Moreover, as tools like AI enter the picture, they can be leveraged to recognize patterns and monitor irregularities, possibly catching problems before a major incident happens. In fact, Philips is working with the Defense Department on a research project that aims to evaluate an AI-based early warning system for infectious disease, noninvasively monitoring a serve member’s health, helping to ensure troop readiness and mitigate disease spread.
It’s initiatives like this that help to shift the care model toward preventative measures, which not only keep people healthier but reduce costs across the healthcare system as a whole. In fact, 90% of annual healthcare expenditures in the U.S. are for people with chronic and mental health conditions, according to the Centers for Disease Control.
“Connected care — as it continues to roll out — will help people stay healthier. And that itself will drive down costs,” says Naylor.
And as healthcare facilities look to shift operations to serve their populations most effectively, connected care can help with that, as well, offering providers a better look at the populations they serve and what tools they might need to better serve that population.
“Right now, every hospital is trying to be everything to everybody, but what we really need to do is look at which area is seeing more births, or hip replacements or leg breaks and then provide specialized clinics in places where the populations will actually use them,” says Naylor. “By changing this distribution and making it an ecosystem of care, you can make it easier to serve the population where they are and equip doctors with the tools and training they need.”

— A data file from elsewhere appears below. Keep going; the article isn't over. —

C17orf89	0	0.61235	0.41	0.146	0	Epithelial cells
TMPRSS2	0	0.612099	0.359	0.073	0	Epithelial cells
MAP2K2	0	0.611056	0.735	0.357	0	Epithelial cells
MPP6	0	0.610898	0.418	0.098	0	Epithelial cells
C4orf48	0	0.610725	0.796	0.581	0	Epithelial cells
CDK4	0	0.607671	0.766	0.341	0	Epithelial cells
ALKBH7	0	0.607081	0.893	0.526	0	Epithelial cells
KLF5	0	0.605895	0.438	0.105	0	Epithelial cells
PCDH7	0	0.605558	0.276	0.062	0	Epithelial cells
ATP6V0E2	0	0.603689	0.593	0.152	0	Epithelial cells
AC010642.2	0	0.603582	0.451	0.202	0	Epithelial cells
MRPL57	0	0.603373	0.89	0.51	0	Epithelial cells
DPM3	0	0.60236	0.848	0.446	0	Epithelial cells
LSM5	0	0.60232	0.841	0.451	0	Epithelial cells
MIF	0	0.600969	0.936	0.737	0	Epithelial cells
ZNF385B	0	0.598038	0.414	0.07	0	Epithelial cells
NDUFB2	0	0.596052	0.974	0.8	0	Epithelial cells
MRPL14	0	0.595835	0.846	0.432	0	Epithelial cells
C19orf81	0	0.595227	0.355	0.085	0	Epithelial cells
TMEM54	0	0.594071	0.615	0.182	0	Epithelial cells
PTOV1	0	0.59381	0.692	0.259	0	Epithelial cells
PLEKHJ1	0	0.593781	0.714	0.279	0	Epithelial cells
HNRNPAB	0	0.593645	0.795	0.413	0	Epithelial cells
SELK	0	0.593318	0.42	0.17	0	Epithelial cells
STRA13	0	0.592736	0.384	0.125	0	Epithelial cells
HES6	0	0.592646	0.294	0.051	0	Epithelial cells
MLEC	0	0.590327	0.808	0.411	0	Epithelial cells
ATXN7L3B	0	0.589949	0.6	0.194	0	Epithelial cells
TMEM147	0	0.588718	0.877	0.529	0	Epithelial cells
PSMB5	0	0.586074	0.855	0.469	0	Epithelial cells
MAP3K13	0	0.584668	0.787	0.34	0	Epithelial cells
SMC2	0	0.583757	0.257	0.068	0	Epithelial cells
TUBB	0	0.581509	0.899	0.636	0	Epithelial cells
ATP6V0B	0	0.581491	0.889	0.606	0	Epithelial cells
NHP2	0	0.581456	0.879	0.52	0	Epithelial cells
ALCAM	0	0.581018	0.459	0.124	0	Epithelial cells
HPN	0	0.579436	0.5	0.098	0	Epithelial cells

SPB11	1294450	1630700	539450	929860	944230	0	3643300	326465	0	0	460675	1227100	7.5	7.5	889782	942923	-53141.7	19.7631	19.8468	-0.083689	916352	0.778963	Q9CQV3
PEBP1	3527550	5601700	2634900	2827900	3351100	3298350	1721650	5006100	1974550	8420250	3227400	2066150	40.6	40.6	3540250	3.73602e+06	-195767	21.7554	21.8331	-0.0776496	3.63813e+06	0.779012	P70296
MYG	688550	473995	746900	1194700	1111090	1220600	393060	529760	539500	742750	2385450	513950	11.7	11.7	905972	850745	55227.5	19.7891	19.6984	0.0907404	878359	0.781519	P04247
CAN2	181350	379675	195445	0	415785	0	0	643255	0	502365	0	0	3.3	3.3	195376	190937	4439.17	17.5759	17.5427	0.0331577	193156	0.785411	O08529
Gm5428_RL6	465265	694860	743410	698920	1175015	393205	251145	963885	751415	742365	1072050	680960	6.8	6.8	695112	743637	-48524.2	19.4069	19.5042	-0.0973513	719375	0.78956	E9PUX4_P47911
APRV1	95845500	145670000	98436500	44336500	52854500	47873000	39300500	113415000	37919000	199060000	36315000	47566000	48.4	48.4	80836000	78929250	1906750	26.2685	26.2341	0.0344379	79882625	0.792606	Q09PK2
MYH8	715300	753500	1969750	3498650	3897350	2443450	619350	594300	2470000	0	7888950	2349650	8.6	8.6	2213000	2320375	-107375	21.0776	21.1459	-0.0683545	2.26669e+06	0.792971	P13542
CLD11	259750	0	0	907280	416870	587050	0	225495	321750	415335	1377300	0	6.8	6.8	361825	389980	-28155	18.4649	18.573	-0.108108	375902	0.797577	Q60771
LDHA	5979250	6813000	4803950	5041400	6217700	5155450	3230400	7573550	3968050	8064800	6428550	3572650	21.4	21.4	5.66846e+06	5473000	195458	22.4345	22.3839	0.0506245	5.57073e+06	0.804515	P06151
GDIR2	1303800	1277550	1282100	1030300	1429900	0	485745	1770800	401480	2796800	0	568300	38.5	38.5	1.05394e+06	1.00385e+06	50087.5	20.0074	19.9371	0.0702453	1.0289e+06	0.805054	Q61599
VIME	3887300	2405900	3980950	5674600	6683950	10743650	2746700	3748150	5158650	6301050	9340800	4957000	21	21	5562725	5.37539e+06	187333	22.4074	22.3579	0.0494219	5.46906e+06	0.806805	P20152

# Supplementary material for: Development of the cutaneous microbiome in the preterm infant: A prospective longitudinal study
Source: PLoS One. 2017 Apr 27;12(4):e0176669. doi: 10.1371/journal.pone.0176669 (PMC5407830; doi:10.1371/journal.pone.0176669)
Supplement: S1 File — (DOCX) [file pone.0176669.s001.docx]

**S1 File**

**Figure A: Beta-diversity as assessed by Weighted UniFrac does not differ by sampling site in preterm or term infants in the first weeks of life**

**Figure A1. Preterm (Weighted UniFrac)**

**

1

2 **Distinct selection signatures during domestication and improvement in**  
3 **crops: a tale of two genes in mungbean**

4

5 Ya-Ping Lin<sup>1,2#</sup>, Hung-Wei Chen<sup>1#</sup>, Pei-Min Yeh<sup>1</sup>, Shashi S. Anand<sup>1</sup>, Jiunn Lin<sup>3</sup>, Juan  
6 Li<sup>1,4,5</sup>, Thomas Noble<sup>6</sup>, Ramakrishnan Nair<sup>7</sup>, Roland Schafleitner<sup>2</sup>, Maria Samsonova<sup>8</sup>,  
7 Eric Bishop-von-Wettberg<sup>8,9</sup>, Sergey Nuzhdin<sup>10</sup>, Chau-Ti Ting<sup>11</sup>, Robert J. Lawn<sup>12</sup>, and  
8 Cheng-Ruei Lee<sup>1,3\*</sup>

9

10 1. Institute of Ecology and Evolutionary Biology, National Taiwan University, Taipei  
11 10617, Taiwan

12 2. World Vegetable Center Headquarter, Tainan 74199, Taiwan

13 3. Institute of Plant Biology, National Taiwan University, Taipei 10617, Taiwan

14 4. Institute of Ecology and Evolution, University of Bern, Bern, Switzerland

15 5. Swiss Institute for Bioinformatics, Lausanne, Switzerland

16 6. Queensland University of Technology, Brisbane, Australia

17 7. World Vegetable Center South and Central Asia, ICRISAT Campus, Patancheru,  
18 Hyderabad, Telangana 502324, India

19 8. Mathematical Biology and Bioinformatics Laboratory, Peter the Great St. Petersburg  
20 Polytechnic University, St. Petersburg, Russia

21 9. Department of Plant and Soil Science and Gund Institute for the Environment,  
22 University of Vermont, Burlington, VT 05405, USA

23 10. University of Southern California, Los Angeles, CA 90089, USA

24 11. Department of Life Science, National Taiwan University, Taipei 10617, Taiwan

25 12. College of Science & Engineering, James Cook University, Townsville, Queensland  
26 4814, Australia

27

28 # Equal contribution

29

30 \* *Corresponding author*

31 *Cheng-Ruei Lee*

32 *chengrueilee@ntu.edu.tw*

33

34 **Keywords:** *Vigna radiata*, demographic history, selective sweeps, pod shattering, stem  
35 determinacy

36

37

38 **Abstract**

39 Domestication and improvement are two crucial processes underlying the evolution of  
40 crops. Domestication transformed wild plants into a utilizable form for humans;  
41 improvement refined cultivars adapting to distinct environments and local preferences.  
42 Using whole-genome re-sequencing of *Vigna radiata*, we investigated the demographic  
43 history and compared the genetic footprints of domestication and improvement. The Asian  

Partner in Public Health
When it comes to creating a resilient, connected ecosystem of care and tapping into the benefits it provides, however, public health agencies will need to ensure that they are investing wisely and laying a platform that will allow them to continue growing care access.
A trusted partner can help with that.
“At Philips, our only focus is healthcare. We really believe in healthy living — and we only invest in tools and the education to provide that,” says Cobb. “We deliver care in any type of setting and have invested in the tools and capabilities allowing us to take those cost-effective care options and provide flexible and scalable business models for them.”
Philips looks to help providers not only meet today’s operational needs, but also to transition to a more connected, predictive and personalized future of care delivery.
Cobb adds: “We really are best positioned to create a more connected and secure ecosystem of care, so that people can tap into the systems and tools that will create a more resilient future.”
Learn more about how Philips can help your organization tap into a more resilient care ecosystem.
This content is made possible by our sponsor Philips; it is not written by and does not necessarily reflect the views of GovExec’s editorial staff.